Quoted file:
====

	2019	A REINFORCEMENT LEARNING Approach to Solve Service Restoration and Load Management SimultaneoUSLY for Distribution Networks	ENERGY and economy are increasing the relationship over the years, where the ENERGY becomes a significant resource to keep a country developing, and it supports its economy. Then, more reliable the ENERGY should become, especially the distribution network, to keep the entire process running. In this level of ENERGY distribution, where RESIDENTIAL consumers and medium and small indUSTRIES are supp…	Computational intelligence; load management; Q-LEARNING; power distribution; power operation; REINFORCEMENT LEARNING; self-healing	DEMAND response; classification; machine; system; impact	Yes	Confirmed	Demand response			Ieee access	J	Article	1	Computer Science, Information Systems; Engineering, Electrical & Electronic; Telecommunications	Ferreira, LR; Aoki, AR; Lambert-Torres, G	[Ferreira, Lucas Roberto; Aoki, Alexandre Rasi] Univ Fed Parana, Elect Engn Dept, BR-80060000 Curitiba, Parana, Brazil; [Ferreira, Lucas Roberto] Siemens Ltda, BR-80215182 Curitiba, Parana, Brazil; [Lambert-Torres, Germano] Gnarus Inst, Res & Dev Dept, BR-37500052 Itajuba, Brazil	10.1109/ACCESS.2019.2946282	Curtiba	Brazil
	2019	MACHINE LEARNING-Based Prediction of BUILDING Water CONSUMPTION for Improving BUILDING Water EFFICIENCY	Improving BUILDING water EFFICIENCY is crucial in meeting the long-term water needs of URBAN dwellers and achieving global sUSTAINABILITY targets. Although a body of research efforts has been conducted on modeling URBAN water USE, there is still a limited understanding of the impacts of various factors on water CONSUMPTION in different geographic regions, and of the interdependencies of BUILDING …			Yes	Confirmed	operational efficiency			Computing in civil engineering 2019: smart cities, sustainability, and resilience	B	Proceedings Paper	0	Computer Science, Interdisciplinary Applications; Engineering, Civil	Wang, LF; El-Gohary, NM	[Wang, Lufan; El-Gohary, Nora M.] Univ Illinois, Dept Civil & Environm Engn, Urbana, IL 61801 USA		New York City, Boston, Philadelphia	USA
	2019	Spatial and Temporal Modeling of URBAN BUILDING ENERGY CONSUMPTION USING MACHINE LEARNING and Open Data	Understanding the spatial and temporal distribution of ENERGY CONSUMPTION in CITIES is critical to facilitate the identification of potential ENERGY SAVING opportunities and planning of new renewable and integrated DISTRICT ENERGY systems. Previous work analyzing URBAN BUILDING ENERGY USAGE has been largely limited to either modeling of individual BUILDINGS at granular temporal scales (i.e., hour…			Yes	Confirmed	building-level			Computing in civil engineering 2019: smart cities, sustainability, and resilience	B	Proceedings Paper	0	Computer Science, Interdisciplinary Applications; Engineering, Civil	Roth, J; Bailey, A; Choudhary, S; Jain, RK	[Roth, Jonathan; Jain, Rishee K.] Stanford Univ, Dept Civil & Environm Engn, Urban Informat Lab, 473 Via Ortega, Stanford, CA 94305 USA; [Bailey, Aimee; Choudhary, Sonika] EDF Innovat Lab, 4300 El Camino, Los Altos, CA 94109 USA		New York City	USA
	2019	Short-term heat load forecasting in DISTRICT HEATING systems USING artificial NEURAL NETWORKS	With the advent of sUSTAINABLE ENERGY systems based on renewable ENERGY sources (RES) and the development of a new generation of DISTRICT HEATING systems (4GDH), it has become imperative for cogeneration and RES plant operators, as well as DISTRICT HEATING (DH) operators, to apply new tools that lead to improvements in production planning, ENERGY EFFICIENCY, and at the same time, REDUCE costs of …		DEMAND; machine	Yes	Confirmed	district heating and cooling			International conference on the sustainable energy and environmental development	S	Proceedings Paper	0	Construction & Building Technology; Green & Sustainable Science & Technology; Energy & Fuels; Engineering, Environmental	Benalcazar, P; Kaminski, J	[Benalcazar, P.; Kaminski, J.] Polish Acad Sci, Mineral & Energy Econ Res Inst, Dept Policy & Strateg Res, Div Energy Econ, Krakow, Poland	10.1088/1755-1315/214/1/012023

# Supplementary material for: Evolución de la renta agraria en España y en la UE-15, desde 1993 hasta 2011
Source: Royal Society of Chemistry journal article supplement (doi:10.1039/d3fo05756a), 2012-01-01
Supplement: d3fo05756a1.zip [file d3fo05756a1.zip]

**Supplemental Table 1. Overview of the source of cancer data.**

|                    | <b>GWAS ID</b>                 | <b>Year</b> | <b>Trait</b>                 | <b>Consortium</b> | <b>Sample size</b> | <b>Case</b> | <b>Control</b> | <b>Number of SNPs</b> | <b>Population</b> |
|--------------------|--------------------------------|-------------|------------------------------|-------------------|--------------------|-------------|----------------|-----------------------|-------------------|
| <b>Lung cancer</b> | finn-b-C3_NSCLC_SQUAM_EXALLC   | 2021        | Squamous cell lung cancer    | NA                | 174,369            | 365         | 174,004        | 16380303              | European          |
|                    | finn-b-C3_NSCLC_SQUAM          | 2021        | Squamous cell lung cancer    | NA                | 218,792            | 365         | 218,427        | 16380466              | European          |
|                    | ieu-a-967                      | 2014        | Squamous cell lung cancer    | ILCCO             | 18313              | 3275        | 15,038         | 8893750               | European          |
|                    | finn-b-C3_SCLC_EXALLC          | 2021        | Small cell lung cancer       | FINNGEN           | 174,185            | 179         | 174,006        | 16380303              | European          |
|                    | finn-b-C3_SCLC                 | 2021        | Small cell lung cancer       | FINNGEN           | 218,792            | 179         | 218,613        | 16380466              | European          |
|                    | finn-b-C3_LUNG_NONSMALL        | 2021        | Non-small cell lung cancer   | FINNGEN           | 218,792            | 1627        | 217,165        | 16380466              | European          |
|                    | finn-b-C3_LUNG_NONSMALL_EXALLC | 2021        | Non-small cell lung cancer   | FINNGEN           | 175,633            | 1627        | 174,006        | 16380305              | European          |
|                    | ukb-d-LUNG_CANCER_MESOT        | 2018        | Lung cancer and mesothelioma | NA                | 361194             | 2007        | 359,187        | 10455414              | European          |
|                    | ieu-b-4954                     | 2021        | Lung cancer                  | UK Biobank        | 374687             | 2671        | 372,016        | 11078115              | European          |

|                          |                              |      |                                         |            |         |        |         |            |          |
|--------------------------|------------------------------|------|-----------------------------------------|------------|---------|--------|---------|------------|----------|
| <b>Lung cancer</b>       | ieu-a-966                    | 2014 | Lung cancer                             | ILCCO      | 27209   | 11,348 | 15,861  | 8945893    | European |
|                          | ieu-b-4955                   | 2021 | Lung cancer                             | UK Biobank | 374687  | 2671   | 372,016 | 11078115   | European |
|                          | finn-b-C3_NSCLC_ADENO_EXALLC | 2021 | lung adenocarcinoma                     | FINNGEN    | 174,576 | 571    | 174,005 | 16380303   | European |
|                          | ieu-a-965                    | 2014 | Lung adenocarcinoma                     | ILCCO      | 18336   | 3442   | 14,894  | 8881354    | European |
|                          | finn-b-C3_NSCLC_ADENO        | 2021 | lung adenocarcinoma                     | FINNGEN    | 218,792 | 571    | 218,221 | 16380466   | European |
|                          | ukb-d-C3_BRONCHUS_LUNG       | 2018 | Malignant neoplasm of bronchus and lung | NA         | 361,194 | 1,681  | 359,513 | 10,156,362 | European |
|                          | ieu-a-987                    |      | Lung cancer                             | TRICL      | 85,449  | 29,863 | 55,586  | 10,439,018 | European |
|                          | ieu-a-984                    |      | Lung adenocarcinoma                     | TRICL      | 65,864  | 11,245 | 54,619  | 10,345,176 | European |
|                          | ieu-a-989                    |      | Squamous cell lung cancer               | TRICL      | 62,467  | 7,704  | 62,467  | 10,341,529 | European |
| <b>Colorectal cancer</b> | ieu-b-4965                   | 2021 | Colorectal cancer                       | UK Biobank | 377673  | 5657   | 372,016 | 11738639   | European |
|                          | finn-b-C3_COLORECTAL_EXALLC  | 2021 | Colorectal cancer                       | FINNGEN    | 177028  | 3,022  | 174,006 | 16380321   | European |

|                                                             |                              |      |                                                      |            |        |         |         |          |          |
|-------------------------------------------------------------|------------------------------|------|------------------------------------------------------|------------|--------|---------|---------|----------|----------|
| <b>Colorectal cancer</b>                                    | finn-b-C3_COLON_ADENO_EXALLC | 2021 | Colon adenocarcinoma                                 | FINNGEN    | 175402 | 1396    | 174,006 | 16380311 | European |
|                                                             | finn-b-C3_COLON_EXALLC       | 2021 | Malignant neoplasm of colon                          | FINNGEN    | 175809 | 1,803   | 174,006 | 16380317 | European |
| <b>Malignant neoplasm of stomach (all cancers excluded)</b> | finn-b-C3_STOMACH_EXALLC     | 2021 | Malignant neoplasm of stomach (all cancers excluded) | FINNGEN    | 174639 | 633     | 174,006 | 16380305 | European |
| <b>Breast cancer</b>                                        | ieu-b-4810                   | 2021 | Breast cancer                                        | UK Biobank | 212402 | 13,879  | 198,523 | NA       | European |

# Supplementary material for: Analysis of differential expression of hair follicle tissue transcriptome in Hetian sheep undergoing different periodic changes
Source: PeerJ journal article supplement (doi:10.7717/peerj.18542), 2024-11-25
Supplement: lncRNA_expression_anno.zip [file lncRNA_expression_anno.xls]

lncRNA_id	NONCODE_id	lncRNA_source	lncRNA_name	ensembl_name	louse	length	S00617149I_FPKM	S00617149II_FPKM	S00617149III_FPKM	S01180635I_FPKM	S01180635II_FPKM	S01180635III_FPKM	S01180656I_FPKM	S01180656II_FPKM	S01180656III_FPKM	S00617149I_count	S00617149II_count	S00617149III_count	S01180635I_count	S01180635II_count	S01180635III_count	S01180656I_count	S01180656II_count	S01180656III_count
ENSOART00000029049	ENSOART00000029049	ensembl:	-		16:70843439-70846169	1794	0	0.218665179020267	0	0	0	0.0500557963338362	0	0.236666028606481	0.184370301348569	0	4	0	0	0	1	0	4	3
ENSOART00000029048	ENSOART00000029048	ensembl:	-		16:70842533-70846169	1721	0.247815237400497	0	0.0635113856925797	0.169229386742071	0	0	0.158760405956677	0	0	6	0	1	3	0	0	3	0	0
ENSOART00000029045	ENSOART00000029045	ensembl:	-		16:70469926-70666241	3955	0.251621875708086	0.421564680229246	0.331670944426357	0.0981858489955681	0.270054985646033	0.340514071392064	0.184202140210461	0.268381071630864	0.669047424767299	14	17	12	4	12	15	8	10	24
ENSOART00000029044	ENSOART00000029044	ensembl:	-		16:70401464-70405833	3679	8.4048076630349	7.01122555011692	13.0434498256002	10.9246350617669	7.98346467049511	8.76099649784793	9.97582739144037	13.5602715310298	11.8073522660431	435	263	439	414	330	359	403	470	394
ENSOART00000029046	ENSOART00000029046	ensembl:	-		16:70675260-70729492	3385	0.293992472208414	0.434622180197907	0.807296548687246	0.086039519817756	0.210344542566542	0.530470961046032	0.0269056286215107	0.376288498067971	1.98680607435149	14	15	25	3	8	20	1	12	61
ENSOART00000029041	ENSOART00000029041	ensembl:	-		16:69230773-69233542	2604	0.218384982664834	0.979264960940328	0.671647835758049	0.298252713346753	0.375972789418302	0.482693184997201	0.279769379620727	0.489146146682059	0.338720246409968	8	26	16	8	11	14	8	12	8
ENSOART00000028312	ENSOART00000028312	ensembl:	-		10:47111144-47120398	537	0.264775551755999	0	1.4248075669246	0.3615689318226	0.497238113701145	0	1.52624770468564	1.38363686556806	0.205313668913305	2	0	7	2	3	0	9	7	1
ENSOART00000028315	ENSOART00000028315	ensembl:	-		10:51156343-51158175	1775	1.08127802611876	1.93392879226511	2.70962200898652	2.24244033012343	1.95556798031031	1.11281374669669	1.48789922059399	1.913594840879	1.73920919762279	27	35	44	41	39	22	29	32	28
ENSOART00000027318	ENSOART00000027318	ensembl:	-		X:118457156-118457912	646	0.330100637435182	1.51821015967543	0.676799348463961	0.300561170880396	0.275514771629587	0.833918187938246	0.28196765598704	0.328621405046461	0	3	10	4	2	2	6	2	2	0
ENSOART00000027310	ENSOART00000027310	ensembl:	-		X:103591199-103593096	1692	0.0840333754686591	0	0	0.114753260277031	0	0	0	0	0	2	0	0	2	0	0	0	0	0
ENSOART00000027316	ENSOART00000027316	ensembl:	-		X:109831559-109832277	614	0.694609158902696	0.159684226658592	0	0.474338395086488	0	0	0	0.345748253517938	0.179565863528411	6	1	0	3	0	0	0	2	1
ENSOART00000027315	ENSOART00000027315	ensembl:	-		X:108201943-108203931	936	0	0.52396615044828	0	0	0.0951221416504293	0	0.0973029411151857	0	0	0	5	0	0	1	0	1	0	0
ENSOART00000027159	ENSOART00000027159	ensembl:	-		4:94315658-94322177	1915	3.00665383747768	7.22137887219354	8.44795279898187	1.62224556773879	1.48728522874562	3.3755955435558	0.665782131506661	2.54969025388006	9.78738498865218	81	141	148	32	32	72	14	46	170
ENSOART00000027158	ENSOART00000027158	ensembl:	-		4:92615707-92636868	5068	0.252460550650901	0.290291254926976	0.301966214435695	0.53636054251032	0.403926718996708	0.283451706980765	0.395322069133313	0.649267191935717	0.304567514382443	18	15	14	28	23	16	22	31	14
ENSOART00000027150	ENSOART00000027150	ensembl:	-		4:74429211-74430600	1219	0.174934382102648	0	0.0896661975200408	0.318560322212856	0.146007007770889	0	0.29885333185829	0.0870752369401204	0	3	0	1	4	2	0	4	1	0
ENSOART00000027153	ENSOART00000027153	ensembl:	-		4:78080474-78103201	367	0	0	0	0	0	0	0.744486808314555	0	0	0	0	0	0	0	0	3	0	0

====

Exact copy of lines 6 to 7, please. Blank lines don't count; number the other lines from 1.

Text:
Source: Royal Society of Chemistry journal article supplement (doi:10.1039/d3fo05756a), 2012-01-01
Supplement: d3fo05756a1.zip [file d3fo05756a1.zip]